Apple Music head can’t differentiate lossless and compressed audio, says format is a “marketing play”

But Eddy Cue is far more bullish on the prospects of Spatial Audio.

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Eddy Cue and Apple Music

Photos: Jim Bennett / WireImage, Apple

Apple Music head Eddy Cue has admitted he can’t tell the difference between compressed tracks and their lossless counterparts.

Cue, who is also Apple’s SVP for internet software and services, made the revelation in a new interview with Billboard on the place of lossless and Spatial Audio in the future of music. And he isn’t convinced that the former will spell any significant change for the average listener, partly because you need “incredible ears” and “very, very high-quality stereo equipment” to tell both formats apart.

“There’s no question [the future of music is] not going to be lossless,” Cue told Billboard. “Because the reality of lossless is: if you take 100 people and you take a stereo song in lossless and you take a song that’s been in Apple Music that’s compressed, I don’t know if it’s 99 or 98 can’t tell the difference.”

Cue then revealed that the Apple Music team performed regular blind tests internally,  comparing compressed stereo files and lossless ones, but he was unable to differentiate them.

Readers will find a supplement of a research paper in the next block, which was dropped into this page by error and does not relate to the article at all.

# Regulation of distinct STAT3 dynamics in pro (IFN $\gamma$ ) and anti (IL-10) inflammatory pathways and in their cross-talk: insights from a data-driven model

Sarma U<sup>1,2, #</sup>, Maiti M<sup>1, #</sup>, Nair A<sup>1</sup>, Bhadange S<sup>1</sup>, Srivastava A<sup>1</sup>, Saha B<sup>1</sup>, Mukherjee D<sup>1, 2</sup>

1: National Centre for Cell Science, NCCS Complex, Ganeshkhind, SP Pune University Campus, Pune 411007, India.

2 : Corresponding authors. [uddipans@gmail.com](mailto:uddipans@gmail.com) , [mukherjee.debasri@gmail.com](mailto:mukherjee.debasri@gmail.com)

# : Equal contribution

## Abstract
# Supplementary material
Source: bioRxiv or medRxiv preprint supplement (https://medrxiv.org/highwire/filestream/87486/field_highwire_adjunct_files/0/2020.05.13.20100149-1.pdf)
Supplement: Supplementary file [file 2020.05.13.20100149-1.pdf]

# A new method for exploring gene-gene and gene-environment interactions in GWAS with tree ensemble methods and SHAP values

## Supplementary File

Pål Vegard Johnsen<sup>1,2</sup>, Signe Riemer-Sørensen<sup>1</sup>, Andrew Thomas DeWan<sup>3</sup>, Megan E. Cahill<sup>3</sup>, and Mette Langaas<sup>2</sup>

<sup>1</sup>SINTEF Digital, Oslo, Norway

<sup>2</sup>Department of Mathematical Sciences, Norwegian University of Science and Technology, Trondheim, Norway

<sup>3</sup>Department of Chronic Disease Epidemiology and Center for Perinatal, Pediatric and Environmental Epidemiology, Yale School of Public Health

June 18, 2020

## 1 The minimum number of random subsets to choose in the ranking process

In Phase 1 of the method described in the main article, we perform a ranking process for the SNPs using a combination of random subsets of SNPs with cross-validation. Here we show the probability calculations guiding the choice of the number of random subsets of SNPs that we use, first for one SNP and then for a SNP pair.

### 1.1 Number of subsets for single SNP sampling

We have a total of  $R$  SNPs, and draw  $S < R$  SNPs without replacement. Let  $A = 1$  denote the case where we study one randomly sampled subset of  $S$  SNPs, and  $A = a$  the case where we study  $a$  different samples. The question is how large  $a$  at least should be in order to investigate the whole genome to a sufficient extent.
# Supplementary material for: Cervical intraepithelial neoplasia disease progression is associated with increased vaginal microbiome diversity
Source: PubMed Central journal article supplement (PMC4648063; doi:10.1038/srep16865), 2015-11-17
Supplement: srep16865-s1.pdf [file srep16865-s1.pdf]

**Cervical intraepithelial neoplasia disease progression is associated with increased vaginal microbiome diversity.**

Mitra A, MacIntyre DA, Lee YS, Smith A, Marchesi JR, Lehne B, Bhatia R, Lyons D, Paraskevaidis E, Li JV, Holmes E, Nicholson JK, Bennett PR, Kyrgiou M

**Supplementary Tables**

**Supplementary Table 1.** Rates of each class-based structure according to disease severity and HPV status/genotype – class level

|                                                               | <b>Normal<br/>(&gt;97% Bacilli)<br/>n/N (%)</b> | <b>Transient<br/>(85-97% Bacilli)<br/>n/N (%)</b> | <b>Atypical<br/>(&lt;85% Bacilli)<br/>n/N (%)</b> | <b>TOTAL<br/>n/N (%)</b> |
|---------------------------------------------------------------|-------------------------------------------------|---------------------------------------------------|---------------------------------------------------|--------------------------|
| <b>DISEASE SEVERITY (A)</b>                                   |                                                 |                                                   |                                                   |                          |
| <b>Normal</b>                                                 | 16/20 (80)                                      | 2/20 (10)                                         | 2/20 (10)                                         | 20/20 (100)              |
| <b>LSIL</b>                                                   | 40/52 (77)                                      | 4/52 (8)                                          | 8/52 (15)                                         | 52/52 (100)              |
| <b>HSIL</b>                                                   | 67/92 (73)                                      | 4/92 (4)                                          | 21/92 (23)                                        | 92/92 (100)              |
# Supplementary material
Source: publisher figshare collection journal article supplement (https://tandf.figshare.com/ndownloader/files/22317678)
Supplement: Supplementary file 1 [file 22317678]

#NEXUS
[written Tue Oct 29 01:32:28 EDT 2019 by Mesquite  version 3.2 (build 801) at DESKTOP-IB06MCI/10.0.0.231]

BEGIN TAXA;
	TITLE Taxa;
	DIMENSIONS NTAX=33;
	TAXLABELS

“For example, [a] classical connoisseur may be able to tell the difference in lossless,” he said. “I can’t tell personally – I do the blind tests all the time with the team – I can’t tell. That’s a problem. That’s not going to work because that’s a marketing play, not a true customer play.

“The problem with lossless is you can tell somebody, ‘Oh, you’re listening to a lossless [song],’ and they tell you, ‘Oh, wow. That sounds incredible.’ They’re just saying it because you told them it’s lossless and it sounds like the right thing to say, but you just can’t tell.”

Cue, however, is far more enthusiastic about Apple Music’s other newly announced advancements: Spatial Audio and support for Dolby Atmos. In a nutshell, both are immersive audio formats capable of delivering surround sound and 3D audio through any set of headphones.

“I think this is going to take over everything,” he said. “It’s the way I want to listen to music when I’m in my car. It’s going to be the way I listen to music immediately with my AirPods. It’s going to be the way I listen to music in my house.”

He added: “In a way, it won’t feel very good when I’m listening to something that’s not Dolby Atmos because it’s so good. It’s like when I’m watching HD, it’s hard to go back.”

Other industry pros have lauded the possibilities of Spatial Audio, including Sylvia Massy, No I.D. and Manny Marroquin, who all appeared in a roundtable discussion on the format for Apple’s WWDC 2021.


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